It’s Labor Day weekend, the unofficial last hurrah of summer.
▪ Check road and trail conditions before you go – either online or at the ranger station that serves the area you’re heading into – to make sure you can get to them.
For example, Mount Baker Highway is closed from Silver Fir Campground, milepost 46.5, east to Picture Lake at milepost 54, until Thursday, Sept. 1, basically preventing road access for Artist Point between 8:30 a.m. to 4 p.m. until crews are done with paving work. The project should be done in time for the weekend.
Questions and current conditions for Mount Baker-Snoqualmie? Call the Glacier Public Service Center at 360-599-2714, or go to fs.usda.gov/mbs.
For North Cascades National Park, go to nps.gov/noca or call 360-854-7200 and 360-854-7245.
▪ Expect lots of other vehicles, especially if it’s a sunny weekend (though weather forecasts tell us that the sun won’t poke its head out of the clouds until Sunday). Be prepared for slow-moving traffic and bicycles riding along Mount Baker Highway east of Glacier.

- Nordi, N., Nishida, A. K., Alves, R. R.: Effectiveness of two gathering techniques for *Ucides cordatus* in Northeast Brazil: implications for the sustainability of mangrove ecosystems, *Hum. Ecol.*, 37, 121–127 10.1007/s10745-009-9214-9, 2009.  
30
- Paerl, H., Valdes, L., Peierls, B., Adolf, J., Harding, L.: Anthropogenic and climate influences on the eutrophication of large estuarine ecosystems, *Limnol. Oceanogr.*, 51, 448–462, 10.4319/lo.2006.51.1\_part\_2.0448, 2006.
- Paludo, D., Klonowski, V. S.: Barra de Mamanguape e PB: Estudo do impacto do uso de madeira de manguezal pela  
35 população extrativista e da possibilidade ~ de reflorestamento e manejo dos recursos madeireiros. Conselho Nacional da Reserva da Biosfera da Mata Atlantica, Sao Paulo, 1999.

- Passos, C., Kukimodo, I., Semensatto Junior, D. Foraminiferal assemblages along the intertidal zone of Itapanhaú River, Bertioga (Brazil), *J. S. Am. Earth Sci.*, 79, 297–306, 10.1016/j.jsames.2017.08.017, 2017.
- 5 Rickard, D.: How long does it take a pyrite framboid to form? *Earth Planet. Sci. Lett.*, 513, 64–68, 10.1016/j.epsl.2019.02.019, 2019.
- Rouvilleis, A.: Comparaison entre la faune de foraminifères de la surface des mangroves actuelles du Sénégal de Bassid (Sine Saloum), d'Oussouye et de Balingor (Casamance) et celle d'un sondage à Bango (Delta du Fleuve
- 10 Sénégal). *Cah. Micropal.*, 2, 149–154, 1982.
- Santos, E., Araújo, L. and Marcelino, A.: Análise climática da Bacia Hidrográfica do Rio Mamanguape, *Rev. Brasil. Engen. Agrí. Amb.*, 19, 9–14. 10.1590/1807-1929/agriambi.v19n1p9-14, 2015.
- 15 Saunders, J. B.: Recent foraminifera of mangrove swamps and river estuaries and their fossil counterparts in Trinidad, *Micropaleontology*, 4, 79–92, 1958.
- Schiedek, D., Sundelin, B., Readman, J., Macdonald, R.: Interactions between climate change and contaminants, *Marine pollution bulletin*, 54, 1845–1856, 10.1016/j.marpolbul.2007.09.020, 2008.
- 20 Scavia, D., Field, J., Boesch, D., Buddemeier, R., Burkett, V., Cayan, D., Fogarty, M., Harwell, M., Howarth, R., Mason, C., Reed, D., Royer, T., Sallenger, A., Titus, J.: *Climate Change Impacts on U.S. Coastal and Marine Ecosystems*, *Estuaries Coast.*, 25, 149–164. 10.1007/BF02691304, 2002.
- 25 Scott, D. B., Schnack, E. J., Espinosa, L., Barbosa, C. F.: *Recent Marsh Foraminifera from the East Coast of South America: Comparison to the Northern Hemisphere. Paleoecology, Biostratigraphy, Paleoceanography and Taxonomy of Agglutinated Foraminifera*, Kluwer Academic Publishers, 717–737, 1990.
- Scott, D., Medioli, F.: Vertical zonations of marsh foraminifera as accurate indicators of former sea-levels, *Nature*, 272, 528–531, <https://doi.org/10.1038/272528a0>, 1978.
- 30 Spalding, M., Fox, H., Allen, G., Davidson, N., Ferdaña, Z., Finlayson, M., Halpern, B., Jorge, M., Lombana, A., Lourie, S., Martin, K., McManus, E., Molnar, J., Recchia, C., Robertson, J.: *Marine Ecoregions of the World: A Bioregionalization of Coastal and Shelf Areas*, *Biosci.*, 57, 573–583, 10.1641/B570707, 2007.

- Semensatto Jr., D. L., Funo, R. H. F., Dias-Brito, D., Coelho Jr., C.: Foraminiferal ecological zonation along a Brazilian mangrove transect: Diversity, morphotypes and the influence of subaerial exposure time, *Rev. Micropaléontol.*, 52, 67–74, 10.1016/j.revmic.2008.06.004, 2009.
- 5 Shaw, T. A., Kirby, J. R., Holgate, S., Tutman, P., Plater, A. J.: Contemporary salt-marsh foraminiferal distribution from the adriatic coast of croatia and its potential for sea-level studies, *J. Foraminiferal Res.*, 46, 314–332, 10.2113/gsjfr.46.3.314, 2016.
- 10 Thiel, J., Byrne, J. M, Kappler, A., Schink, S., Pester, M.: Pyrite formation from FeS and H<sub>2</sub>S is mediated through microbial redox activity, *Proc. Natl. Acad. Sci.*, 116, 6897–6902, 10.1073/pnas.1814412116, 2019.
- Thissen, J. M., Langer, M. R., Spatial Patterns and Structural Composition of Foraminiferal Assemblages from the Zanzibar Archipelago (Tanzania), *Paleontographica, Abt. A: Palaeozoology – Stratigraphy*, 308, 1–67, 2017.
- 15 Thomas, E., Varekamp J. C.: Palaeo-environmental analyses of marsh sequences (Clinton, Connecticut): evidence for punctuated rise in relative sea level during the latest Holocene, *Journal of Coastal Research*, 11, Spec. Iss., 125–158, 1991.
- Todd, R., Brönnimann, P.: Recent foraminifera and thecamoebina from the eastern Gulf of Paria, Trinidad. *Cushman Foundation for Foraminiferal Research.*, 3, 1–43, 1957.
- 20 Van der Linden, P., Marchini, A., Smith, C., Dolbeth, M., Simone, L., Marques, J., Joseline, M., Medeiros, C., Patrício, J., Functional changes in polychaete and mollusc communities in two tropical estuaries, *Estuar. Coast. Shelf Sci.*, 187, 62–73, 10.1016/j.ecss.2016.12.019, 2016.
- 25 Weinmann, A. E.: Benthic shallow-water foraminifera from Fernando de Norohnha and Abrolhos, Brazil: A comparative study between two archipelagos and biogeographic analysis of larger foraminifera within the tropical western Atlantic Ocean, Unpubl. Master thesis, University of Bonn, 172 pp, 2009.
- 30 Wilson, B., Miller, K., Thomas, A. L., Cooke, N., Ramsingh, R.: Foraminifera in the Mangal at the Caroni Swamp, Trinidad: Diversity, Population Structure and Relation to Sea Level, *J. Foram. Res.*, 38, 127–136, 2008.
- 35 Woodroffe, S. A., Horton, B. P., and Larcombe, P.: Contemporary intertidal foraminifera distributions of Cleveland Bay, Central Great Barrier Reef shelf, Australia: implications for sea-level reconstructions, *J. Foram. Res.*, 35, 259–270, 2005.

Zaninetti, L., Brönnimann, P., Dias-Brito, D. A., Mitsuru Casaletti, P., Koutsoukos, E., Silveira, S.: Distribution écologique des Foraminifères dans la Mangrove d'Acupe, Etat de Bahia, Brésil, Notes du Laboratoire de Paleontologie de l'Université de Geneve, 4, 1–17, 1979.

Parking lots will fill up, so the earlier you get to a trailhead the better. With so many hikers and visitors expected, park your vehicle so you’re not blocking others from getting in or out.
▪ Take your pet’s poop with you.
“We have noticed an increase in people bagging pet waste and leaving the bags behind. Please pack the bag with you, do not leave it behind to pick up later,” said Magenta Widner, forestry technician for Mount Baker-Snoqualmie National Forest.
▪ Do you have the right pass? Most trailheads and the Heather Meadows Area, including Picture Lake and Artist Point, require a Northwest Forest Pass, which costs $30 a year, or Interagency Pass – at a cost of $80 a year, unless you’re 62 years or older and then it’s a one-time fee of $10 – to be displayed in the vehicle.
Buy them at Forest Service offices and local vendors. Heather Meadows also has cash-only fee tubes available for day passes, which cost $5.
▪ If you’re camping, check before you light that fire. The recent cooler weather and light rain haven’t eased burn bans imposed by the state and Whatcom County.
All outdoor burning, including campfires and charcoal cooking fires, was banned Aug. 17 on state lands – including campgrounds – a restriction that’s in place until Sept. 30.
There is no blanket ban at developed campgrounds on federal land in the Mount Baker Ranger District, for example, but many trails and campsites have permanent fire bans.